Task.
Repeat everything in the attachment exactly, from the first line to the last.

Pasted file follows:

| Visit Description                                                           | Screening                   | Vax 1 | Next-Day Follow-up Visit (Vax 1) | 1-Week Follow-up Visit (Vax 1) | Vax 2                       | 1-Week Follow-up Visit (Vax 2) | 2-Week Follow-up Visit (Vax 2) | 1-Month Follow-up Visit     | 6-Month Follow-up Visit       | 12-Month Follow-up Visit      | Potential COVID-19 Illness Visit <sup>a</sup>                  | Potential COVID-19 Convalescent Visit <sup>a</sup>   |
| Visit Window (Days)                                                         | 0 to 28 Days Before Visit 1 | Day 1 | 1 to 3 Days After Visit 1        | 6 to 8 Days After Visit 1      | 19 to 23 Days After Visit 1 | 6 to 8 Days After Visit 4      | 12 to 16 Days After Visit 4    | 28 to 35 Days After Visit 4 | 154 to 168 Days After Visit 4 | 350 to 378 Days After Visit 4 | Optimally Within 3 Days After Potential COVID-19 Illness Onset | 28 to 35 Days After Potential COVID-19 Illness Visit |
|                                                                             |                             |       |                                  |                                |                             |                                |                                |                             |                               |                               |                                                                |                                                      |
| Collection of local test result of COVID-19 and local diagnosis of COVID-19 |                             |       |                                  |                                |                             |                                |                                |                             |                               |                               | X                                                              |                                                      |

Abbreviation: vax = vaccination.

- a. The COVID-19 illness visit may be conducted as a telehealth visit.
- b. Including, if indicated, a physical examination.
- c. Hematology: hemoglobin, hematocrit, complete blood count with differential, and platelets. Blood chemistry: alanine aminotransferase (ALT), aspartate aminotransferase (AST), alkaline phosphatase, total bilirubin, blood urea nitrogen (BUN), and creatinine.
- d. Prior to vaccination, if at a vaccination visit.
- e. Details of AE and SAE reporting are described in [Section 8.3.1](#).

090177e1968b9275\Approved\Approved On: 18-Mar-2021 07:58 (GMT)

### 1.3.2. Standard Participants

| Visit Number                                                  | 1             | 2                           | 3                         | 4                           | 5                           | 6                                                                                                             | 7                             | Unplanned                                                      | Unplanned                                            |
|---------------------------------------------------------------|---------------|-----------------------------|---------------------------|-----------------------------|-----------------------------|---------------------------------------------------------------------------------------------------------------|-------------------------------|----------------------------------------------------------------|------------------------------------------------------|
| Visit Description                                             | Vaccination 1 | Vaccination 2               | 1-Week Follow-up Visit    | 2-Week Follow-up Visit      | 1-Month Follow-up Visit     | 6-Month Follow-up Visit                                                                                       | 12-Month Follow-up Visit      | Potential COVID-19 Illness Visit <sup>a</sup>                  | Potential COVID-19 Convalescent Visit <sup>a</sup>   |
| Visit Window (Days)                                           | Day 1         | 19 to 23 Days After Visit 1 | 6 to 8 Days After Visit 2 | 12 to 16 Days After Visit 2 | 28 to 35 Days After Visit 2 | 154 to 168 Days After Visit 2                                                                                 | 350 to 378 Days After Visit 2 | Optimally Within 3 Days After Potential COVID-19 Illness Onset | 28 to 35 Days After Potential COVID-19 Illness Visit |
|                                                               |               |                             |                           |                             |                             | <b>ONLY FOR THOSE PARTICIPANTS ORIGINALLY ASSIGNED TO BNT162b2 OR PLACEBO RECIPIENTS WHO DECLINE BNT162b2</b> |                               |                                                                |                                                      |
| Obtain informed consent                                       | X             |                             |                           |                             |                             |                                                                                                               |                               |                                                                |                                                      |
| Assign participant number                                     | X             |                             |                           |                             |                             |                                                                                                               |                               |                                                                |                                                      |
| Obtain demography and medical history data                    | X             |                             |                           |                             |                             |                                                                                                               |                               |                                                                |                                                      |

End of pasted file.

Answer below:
| Visit Description                                                           | Screening                   | Vax 1 | Next-Day Follow-up Visit (Vax 1) | 1-Week Follow-up Visit (Vax 1) | Vax 2                       | 1-Week Follow-up Visit (Vax 2) | 2-Week Follow-up Visit (Vax 2) | 1-Month Follow-up Visit     | 6-Month Follow-up Visit       | 12-Month Follow-up Visit      | Potential COVID-19 Illness Visit <sup>a</sup>                  | Potential COVID-19 Convalescent Visit <sup>a</sup>   |
| Visit Window (Days)                                                         | 0 to 28 Days Before Visit 1 | Day 1 | 1 to 3 Days After Visit 1        | 6 to 8 Days After Visit 1      | 19 to 23 Days After Visit 1 | 6 to 8 Days After Visit 4      | 12 to 16 Days After Visit 4    | 28 to 35 Days After Visit 4 | 154 to 168 Days After Visit 4 | 350 to 378 Days After Visit 4 | Optimally Within 3 Days After Potential COVID-19 Illness Onset | 28 to 35 Days After Potential COVID-19 Illness Visit |
|                                                                             |                             |       |                                  |                                |                             |                                |                                |                             |                               |                               |                                                                |                                                      |
| Collection of local test result of COVID-19 and local diagnosis of COVID-19 |                             |       |                                  |                                |                             |                                |                                |                             |                               |                               | X                                                              |                                                      |

Abbreviation: vax = vaccination.

- a. The COVID-19 illness visit may be conducted as a telehealth visit.
- b. Including, if indicated, a physical examination.
- c. Hematology: hemoglobin, hematocrit, complete blood count with differential, and platelets. Blood chemistry: alanine aminotransferase (ALT), aspartate aminotransferase (AST), alkaline phosphatase, total bilirubin, blood urea nitrogen (BUN), and creatinine.
- d. Prior to vaccination, if at a vaccination visit.
- e. Details of AE and SAE reporting are described in [Section 8.3.1](#).

090177e1968b9275\Approved\Approved On: 18-Mar-2021 07:58 (GMT)

### 1.3.2. Standard Participants

| Visit Number                                                  | 1             | 2                           | 3                         | 4                           | 5                           | 6                                                                                                             | 7                             | Unplanned                                                      | Unplanned                                            |
|---------------------------------------------------------------|---------------|-----------------------------|---------------------------|-----------------------------|-----------------------------|---------------------------------------------------------------------------------------------------------------|-------------------------------|----------------------------------------------------------------|------------------------------------------------------|
| Visit Description                                             | Vaccination 1 | Vaccination 2               | 1-Week Follow-up Visit    | 2-Week Follow-up Visit      | 1-Month Follow-up Visit     | 6-Month Follow-up Visit                                                                                       | 12-Month Follow-up Visit      | Potential COVID-19 Illness Visit <sup>a</sup>                  | Potential COVID-19 Convalescent Visit <sup>a</sup>   |
| Visit Window (Days)                                           | Day 1         | 19 to 23 Days After Visit 1 | 6 to 8 Days After Visit 2 | 12 to 16 Days After Visit 2 | 28 to 35 Days After Visit 2 | 154 to 168 Days After Visit 2                                                                                 | 350 to 378 Days After Visit 2 | Optimally Within 3 Days After Potential COVID-19 Illness Onset | 28 to 35 Days After Potential COVID-19 Illness Visit |
|                                                               |               |                             |                           |                             |                             | <b>ONLY FOR THOSE PARTICIPANTS ORIGINALLY ASSIGNED TO BNT162b2 OR PLACEBO RECIPIENTS WHO DECLINE BNT162b2</b> |                               |                                                                |                                                      |
| Obtain informed consent                                       | X             |                             |                           |                             |                             |                                                                                                               |                               |                                                                |                                                      |
| Assign participant number                                     | X             |                             |                           |                             |                             |                                                                                                               |                               |                                                                |                                                      |
| Obtain demography and medical history data                    | X             |                             |                           |                             |                             |                                                                                                               |                               |                                                                |                                                      |